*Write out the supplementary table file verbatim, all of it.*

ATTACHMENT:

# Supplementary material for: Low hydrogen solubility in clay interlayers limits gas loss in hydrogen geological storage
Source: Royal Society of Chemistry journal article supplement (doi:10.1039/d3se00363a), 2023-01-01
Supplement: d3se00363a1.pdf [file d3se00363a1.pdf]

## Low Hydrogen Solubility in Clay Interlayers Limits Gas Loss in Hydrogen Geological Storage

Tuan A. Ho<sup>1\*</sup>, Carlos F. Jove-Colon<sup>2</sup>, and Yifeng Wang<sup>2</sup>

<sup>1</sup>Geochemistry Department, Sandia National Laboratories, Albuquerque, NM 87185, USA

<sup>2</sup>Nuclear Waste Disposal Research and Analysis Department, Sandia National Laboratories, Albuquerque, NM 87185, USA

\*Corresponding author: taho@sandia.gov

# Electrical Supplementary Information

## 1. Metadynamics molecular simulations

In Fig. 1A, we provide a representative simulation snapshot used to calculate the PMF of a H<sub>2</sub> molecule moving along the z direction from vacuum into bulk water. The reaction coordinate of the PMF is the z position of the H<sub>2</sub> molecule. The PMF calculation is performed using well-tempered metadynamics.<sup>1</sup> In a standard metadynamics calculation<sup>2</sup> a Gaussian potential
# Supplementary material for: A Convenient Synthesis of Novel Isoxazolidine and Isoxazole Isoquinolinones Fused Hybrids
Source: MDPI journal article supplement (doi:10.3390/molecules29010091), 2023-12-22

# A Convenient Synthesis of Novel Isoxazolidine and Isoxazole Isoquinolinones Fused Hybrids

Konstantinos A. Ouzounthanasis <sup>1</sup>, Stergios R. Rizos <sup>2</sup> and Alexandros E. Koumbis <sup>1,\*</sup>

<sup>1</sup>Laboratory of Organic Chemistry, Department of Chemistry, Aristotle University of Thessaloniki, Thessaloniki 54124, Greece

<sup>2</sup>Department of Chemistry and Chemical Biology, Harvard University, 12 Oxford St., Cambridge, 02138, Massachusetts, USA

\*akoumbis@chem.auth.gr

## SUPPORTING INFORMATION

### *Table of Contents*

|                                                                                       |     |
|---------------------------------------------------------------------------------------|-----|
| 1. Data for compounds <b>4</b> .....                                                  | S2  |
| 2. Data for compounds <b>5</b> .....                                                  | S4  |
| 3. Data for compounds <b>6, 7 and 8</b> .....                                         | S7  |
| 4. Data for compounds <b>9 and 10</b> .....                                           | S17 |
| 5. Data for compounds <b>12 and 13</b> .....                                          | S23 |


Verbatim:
# Supplementary material for: Low hydrogen solubility in clay interlayers limits gas loss in hydrogen geological storage
Source: Royal Society of Chemistry journal article supplement (doi:10.1039/d3se00363a), 2023-01-01
Supplement: d3se00363a1.pdf [file d3se00363a1.pdf]

## Low Hydrogen Solubility in Clay Interlayers Limits Gas Loss in Hydrogen Geological Storage

Tuan A. Ho<sup>1\*</sup>, Carlos F. Jove-Colon<sup>2</sup>, and Yifeng Wang<sup>2</sup>

<sup>1</sup>Geochemistry Department, Sandia National Laboratories, Albuquerque, NM 87185, USA

<sup>2</sup>Nuclear Waste Disposal Research and Analysis Department, Sandia National Laboratories, Albuquerque, NM 87185, USA

\*Corresponding author: taho@sandia.gov

# Electrical Supplementary Information

## 1. Metadynamics molecular simulations

In Fig. 1A, we provide a representative simulation snapshot used to calculate the PMF of a H<sub>2</sub> molecule moving along the z direction from vacuum into bulk water. The reaction coordinate of the PMF is the z position of the H<sub>2</sub> molecule. The PMF calculation is performed using well-tempered metadynamics.<sup>1</sup> In a standard metadynamics calculation<sup>2</sup> a Gaussian potential
# Supplementary material for: A Convenient Synthesis of Novel Isoxazolidine and Isoxazole Isoquinolinones Fused Hybrids
Source: MDPI journal article supplement (doi:10.3390/molecules29010091), 2023-12-22

# A Convenient Synthesis of Novel Isoxazolidine and Isoxazole Isoquinolinones Fused Hybrids

Konstantinos A. Ouzounthanasis <sup>1</sup>, Stergios R. Rizos <sup>2</sup> and Alexandros E. Koumbis <sup>1,\*</sup>

<sup>1</sup>Laboratory of Organic Chemistry, Department of Chemistry, Aristotle University of Thessaloniki, Thessaloniki 54124, Greece

<sup>2</sup>Department of Chemistry and Chemical Biology, Harvard University, 12 Oxford St., Cambridge, 02138, Massachusetts, USA

\*akoumbis@chem.auth.gr

## SUPPORTING INFORMATION

### *Table of Contents*

|                                                                                       |     |
|---------------------------------------------------------------------------------------|-----|
| 1. Data for compounds <b>4</b> .....                                                  | S2  |
| 2. Data for compounds <b>5</b> .....                                                  | S4  |
| 3. Data for compounds <b>6, 7 and 8</b> .....                                         | S7  |
| 4. Data for compounds <b>9 and 10</b> .....                                           | S17 |
| 5. Data for compounds <b>12 and 13</b> .....                                          | S23 |